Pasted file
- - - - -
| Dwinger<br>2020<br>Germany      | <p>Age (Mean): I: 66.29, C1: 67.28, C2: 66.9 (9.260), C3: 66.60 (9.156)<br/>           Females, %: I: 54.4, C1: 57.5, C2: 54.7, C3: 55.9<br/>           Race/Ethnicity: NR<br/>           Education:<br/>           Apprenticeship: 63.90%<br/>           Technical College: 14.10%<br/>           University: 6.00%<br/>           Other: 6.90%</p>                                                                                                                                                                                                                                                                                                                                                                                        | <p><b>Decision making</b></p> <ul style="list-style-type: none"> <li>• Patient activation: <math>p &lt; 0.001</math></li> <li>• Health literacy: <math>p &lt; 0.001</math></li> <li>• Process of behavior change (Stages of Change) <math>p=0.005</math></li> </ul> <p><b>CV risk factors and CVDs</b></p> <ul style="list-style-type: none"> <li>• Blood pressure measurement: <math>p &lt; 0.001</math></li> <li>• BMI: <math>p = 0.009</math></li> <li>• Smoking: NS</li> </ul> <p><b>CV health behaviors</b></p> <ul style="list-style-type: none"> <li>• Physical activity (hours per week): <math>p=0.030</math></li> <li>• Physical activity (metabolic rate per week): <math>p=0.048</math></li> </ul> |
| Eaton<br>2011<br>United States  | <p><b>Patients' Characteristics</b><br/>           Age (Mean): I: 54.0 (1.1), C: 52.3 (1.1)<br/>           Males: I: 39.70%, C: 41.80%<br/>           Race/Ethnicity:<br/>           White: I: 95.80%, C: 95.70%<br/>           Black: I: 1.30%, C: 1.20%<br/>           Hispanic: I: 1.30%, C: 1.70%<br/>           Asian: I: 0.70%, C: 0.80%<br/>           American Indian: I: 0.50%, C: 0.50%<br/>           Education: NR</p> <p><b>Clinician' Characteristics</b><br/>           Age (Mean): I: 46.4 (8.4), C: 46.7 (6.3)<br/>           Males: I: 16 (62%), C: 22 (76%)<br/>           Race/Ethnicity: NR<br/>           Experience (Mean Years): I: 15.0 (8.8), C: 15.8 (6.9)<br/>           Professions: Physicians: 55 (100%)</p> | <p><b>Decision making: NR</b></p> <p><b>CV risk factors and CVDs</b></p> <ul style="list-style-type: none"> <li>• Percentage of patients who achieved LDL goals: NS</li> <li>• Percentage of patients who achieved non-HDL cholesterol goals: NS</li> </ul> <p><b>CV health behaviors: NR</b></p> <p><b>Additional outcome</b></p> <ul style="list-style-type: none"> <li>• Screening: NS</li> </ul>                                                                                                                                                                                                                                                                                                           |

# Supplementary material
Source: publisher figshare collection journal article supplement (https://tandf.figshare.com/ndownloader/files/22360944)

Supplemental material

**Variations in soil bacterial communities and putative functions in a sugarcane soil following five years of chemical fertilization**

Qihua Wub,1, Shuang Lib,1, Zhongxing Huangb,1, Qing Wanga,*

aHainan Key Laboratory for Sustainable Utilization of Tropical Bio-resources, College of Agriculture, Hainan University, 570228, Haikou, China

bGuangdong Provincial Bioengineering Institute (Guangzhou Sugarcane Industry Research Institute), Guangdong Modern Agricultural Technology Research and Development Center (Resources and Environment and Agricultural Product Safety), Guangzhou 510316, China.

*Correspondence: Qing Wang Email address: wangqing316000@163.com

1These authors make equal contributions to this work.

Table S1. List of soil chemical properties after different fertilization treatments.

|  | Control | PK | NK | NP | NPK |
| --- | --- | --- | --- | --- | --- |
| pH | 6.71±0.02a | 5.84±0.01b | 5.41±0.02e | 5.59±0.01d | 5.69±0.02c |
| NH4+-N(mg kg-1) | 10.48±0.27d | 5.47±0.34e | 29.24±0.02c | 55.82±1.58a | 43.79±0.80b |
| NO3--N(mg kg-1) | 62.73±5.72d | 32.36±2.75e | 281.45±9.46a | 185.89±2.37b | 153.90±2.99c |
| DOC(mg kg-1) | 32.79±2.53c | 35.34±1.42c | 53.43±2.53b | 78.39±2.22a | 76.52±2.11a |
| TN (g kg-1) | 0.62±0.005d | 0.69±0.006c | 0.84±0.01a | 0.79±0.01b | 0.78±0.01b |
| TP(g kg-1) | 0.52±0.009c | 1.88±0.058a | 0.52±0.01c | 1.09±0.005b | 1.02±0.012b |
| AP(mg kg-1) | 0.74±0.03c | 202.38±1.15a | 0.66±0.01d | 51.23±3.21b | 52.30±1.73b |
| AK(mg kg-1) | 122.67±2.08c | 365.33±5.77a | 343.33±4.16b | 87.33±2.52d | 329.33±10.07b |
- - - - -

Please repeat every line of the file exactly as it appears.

| Dwinger<br>2020<br>Germany      | <p>Age (Mean): I: 66.29, C1: 67.28, C2: 66.9 (9.260), C3: 66.60 (9.156)<br/>           Females, %: I: 54.4, C1: 57.5, C2: 54.7, C3: 55.9<br/>           Race/Ethnicity: NR<br/>           Education:<br/>           Apprenticeship: 63.90%<br/>           Technical College: 14.10%<br/>           University: 6.00%<br/>           Other: 6.90%</p>                                                                                                                                                                                                                                                                                                                                                                                        | <p><b>Decision making</b></p> <ul style="list-style-type: none"> <li>• Patient activation: <math>p &lt; 0.001</math></li> <li>• Health literacy: <math>p &lt; 0.001</math></li> <li>• Process of behavior change (Stages of Change) <math>p=0.005</math></li> </ul> <p><b>CV risk factors and CVDs</b></p> <ul style="list-style-type: none"> <li>• Blood pressure measurement: <math>p &lt; 0.001</math></li> <li>• BMI: <math>p = 0.009</math></li> <li>• Smoking: NS</li> </ul> <p><b>CV health behaviors</b></p> <ul style="list-style-type: none"> <li>• Physical activity (hours per week): <math>p=0.030</math></li> <li>• Physical activity (metabolic rate per week): <math>p=0.048</math></li> </ul> |
| Eaton<br>2011<br>United States  | <p><b>Patients' Characteristics</b><br/>           Age (Mean): I: 54.0 (1.1), C: 52.3 (1.1)<br/>           Males: I: 39.70%, C: 41.80%<br/>           Race/Ethnicity:<br/>           White: I: 95.80%, C: 95.70%<br/>           Black: I: 1.30%, C: 1.20%<br/>           Hispanic: I: 1.30%, C: 1.70%<br/>           Asian: I: 0.70%, C: 0.80%<br/>           American Indian: I: 0.50%, C: 0.50%<br/>           Education: NR</p> <p><b>Clinician' Characteristics</b><br/>           Age (Mean): I: 46.4 (8.4), C: 46.7 (6.3)<br/>           Males: I: 16 (62%), C: 22 (76%)<br/>           Race/Ethnicity: NR<br/>           Experience (Mean Years): I: 15.0 (8.8), C: 15.8 (6.9)<br/>           Professions: Physicians: 55 (100%)</p> | <p><b>Decision making: NR</b></p> <p><b>CV risk factors and CVDs</b></p> <ul style="list-style-type: none"> <li>• Percentage of patients who achieved LDL goals: NS</li> <li>• Percentage of patients who achieved non-HDL cholesterol goals: NS</li> </ul> <p><b>CV health behaviors: NR</b></p> <p><b>Additional outcome</b></p> <ul style="list-style-type: none"> <li>• Screening: NS</li> </ul>                                                                                                                                                                                                                                                                                                           |

# Supplementary material
Source: publisher figshare collection journal article supplement (https://tandf.figshare.com/ndownloader/files/22360944)

Supplemental material

**Variations in soil bacterial communities and putative functions in a sugarcane soil following five years of chemical fertilization**

Qihua Wub,1, Shuang Lib,1, Zhongxing Huangb,1, Qing Wanga,*

aHainan Key Laboratory for Sustainable Utilization of Tropical Bio-resources, College of Agriculture, Hainan University, 570228, Haikou, China

bGuangdong Provincial Bioengineering Institute (Guangzhou Sugarcane Industry Research Institute), Guangdong Modern Agricultural Technology Research and Development Center (Resources and Environment and Agricultural Product Safety), Guangzhou 510316, China.

*Correspondence: Qing Wang Email address: wangqing316000@163.com

1These authors make equal contributions to this work.

Table S1. List of soil chemical properties after different fertilization treatments.

|  | Control | PK | NK | NP | NPK |
| --- | --- | --- | --- | --- | --- |
| pH | 6.71±0.02a | 5.84±0.01b | 5.41±0.02e | 5.59±0.01d | 5.69±0.02c |
| NH4+-N(mg kg-1) | 10.48±0.27d | 5.47±0.34e | 29.24±0.02c | 55.82±1.58a | 43.79±0.80b |
| NO3--N(mg kg-1) | 62.73±5.72d | 32.36±2.75e | 281.45±9.46a | 185.89±2.37b | 153.90±2.99c |
| DOC(mg kg-1) | 32.79±2.53c | 35.34±1.42c | 53.43±2.53b | 78.39±2.22a | 76.52±2.11a |
| TN (g kg-1) | 0.62±0.005d | 0.69±0.006c | 0.84±0.01a | 0.79±0.01b | 0.78±0.01b |
| TP(g kg-1) | 0.52±0.009c | 1.88±0.058a | 0.52±0.01c | 1.09±0.005b | 1.02±0.012b |
| AP(mg kg-1) | 0.74±0.03c | 202.38±1.15a | 0.66±0.01d | 51.23±3.21b | 52.30±1.73b |
| AK(mg kg-1) | 122.67±2.08c | 365.33±5.77a | 343.33±4.16b | 87.33±2.52d | 329.33±10.07b |